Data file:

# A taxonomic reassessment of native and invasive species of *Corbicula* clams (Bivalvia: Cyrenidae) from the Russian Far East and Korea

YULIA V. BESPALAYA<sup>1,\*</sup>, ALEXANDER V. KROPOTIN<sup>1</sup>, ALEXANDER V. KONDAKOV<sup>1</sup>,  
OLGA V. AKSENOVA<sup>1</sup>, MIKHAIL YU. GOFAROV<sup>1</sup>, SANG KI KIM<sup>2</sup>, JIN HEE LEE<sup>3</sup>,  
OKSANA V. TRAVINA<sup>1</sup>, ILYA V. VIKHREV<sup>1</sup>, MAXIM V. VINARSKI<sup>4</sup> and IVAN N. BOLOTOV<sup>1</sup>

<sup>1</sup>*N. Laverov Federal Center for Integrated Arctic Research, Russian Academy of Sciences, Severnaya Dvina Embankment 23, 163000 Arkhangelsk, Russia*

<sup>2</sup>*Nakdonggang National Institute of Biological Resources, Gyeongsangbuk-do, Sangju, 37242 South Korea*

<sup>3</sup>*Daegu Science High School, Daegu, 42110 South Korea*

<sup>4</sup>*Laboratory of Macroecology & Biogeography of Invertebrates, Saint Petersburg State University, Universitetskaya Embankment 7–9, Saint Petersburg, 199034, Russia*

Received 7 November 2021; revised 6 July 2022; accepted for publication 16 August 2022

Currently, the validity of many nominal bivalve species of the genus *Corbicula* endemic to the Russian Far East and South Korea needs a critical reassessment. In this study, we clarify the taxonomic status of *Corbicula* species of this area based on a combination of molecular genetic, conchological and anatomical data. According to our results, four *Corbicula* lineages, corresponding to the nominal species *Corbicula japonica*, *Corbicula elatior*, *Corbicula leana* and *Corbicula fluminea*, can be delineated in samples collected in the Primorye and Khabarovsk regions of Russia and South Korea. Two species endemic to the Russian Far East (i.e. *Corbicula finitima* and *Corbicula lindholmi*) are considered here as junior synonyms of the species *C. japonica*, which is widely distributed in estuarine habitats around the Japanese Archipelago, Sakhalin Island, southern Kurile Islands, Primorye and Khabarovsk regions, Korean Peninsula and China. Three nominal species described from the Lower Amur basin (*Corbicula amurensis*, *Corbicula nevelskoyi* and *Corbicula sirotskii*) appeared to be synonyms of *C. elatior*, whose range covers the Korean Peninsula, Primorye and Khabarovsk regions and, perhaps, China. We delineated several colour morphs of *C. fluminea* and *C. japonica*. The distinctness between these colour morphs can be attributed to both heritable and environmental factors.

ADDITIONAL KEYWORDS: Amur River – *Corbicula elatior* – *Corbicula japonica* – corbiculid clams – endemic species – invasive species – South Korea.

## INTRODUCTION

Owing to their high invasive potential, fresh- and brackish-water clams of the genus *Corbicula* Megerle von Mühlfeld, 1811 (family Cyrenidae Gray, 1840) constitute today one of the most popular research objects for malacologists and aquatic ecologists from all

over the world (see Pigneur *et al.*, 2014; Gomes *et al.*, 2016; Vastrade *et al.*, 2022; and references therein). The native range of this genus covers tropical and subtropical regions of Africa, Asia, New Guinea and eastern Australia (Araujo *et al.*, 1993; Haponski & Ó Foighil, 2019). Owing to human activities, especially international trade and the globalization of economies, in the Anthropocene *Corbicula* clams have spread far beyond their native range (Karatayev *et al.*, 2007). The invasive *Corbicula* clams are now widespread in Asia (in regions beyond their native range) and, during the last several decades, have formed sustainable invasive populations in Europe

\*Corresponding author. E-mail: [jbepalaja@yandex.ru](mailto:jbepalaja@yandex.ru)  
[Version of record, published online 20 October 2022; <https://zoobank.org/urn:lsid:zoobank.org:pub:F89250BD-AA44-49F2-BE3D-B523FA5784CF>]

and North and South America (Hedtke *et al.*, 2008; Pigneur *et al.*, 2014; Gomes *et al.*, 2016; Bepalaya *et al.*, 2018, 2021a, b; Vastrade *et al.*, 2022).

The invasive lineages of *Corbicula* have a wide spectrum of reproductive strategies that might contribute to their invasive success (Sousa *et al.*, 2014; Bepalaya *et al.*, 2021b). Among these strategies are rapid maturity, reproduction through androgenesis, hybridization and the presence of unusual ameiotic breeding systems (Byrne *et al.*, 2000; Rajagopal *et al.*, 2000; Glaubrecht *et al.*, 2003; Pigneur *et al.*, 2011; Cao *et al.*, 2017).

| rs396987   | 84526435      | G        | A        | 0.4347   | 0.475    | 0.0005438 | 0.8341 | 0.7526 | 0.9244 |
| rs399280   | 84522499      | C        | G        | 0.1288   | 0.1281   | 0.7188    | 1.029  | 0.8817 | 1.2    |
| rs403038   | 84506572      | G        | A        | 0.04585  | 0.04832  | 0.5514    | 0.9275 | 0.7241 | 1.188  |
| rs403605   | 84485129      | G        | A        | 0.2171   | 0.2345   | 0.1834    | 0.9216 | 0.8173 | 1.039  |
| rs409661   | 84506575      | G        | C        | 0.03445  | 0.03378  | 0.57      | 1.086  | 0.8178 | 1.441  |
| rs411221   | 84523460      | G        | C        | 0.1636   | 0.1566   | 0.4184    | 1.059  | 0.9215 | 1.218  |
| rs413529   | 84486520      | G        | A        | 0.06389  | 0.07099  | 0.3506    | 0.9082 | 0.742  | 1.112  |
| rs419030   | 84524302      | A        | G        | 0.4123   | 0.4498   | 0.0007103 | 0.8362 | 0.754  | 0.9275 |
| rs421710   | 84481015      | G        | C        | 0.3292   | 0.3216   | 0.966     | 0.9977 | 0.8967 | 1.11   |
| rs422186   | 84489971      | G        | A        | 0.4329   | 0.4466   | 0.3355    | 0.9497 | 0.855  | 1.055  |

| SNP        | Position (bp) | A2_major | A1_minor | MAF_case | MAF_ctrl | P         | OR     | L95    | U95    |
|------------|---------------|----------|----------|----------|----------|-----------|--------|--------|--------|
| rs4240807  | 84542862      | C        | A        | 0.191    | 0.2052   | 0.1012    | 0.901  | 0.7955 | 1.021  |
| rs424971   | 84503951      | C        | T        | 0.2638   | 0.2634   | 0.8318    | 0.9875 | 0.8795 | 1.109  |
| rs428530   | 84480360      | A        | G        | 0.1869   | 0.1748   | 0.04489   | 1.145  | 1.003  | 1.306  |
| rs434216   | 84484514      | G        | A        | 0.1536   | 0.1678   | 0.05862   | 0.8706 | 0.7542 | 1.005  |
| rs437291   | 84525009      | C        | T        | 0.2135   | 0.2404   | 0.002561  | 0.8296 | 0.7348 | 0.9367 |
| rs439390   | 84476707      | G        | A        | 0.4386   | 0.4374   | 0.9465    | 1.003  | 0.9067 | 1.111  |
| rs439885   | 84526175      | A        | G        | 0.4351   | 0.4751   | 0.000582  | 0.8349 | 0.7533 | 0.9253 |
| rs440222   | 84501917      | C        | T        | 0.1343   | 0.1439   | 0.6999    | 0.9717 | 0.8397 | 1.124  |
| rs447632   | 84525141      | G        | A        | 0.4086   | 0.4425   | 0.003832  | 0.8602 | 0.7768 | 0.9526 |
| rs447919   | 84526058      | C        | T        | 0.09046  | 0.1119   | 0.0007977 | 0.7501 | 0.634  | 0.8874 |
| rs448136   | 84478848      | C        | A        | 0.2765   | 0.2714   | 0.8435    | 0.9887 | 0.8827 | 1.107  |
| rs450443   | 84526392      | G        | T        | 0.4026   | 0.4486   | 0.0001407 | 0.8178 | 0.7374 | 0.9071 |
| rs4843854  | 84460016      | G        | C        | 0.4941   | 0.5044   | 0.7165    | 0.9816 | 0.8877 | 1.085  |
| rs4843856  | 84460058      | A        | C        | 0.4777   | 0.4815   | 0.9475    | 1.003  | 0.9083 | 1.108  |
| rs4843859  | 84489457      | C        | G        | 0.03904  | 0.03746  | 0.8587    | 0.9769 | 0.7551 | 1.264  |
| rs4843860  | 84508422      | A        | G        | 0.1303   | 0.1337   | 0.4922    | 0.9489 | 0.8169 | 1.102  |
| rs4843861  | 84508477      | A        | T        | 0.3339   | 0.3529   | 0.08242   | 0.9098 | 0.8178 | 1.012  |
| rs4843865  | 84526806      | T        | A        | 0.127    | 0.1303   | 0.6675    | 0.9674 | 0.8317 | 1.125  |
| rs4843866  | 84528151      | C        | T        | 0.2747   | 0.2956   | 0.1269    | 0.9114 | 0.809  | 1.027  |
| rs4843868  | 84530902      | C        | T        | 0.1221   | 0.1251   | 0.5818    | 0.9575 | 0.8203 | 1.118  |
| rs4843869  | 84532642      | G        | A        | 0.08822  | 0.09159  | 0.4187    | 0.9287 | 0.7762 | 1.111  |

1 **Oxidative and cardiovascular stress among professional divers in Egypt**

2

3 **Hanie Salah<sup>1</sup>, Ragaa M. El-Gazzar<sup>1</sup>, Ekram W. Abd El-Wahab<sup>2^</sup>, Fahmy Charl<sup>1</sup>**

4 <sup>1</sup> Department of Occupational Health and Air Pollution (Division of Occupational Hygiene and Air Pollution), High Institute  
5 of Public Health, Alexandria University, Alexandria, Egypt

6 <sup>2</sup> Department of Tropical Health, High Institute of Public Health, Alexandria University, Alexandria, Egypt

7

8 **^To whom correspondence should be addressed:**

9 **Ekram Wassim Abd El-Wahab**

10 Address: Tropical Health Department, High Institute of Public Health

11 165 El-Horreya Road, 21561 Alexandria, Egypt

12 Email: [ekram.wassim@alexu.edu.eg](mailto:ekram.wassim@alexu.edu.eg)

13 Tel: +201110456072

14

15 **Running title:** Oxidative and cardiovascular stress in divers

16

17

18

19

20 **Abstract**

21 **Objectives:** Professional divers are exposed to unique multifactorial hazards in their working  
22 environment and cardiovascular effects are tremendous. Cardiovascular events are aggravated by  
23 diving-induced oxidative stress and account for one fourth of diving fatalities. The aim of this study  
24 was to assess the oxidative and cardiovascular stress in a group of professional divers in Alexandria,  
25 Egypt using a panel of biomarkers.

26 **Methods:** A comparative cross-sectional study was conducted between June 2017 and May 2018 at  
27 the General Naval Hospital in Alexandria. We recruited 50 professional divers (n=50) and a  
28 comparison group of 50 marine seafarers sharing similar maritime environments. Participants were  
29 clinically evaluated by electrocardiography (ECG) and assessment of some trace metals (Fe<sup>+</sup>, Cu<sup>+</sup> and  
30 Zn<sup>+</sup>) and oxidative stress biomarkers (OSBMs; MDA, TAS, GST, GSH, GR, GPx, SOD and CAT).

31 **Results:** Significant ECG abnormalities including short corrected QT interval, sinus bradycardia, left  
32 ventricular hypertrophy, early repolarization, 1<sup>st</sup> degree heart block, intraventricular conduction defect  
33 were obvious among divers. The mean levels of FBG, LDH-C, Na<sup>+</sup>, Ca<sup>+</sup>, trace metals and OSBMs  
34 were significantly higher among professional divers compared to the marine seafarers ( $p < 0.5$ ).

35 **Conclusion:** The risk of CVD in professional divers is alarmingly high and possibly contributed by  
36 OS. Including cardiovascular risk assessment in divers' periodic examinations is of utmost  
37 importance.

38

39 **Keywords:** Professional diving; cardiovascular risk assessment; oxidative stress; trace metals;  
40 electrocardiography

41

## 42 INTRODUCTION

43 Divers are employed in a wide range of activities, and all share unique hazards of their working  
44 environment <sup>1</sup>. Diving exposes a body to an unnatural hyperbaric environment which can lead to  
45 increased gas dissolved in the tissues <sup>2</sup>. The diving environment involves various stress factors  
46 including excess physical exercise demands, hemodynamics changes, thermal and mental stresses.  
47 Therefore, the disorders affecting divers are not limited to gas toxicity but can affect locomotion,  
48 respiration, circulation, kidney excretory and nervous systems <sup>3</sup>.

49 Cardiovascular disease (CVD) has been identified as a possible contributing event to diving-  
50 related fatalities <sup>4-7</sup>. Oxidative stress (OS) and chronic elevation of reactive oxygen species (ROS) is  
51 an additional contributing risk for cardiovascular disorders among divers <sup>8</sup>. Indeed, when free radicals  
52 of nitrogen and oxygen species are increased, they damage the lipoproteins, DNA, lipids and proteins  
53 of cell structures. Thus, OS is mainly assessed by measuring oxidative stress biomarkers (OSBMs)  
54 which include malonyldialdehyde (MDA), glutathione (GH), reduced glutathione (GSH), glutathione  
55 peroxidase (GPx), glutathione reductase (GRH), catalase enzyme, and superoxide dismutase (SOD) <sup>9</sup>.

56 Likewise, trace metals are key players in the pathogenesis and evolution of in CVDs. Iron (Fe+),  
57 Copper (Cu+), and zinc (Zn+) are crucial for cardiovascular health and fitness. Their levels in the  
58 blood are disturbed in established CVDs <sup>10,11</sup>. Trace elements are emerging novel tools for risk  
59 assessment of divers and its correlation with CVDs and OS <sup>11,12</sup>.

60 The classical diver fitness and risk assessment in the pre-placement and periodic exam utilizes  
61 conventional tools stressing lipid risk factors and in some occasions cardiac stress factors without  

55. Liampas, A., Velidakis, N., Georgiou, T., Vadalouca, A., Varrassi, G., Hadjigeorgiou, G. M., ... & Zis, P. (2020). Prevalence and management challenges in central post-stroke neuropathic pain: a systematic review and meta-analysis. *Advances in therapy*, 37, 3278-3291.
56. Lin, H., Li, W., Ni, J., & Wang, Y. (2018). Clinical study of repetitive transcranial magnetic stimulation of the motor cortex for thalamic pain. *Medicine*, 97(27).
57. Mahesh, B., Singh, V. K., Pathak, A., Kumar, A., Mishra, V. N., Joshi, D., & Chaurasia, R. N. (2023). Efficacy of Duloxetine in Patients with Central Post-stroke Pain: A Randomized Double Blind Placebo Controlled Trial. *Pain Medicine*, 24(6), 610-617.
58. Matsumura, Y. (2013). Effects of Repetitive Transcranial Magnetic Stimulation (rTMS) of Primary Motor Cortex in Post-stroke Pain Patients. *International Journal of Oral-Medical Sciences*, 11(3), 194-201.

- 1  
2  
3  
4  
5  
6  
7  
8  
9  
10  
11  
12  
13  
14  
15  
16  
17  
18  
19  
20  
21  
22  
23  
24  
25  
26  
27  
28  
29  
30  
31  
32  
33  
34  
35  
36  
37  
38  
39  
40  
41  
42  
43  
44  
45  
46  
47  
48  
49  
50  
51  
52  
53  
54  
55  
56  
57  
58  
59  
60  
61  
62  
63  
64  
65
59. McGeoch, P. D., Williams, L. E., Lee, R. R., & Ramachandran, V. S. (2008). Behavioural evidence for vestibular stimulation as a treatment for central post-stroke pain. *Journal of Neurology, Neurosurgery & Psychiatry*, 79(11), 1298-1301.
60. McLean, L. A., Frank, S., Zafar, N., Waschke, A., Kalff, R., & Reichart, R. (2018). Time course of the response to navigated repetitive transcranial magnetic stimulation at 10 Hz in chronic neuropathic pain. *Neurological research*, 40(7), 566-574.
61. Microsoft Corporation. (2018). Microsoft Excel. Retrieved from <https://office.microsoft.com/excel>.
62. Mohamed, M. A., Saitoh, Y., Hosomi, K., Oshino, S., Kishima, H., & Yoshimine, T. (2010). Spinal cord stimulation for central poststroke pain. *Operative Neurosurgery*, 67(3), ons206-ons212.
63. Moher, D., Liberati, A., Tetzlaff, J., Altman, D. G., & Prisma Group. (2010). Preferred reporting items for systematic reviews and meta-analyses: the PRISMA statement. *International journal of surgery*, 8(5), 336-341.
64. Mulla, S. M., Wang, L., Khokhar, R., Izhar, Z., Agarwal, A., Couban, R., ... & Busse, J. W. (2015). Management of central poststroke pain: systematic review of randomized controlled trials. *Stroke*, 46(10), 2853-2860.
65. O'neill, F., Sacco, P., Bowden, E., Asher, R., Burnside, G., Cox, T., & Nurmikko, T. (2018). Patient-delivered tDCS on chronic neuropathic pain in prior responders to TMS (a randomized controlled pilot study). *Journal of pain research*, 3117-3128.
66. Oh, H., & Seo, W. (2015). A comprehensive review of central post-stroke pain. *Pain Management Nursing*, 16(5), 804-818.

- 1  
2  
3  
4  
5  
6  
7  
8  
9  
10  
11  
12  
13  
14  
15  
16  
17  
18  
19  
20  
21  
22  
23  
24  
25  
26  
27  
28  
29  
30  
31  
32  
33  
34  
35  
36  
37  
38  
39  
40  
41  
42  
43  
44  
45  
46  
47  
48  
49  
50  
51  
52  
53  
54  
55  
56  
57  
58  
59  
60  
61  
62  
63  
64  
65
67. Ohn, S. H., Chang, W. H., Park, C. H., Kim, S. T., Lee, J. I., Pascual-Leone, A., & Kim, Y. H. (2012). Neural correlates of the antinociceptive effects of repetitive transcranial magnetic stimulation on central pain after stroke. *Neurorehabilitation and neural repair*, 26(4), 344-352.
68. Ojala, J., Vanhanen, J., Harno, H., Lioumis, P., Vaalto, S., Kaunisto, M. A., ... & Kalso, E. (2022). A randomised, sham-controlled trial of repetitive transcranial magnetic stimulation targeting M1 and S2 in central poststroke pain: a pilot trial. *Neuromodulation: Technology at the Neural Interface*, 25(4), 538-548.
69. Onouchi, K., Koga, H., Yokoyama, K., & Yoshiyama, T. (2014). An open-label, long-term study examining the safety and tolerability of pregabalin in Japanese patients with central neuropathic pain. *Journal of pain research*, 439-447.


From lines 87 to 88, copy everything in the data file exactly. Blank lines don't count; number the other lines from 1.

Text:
36 OS. Including cardiovascular risk assessment in divers' periodic examinations is of utmost  
37 importance.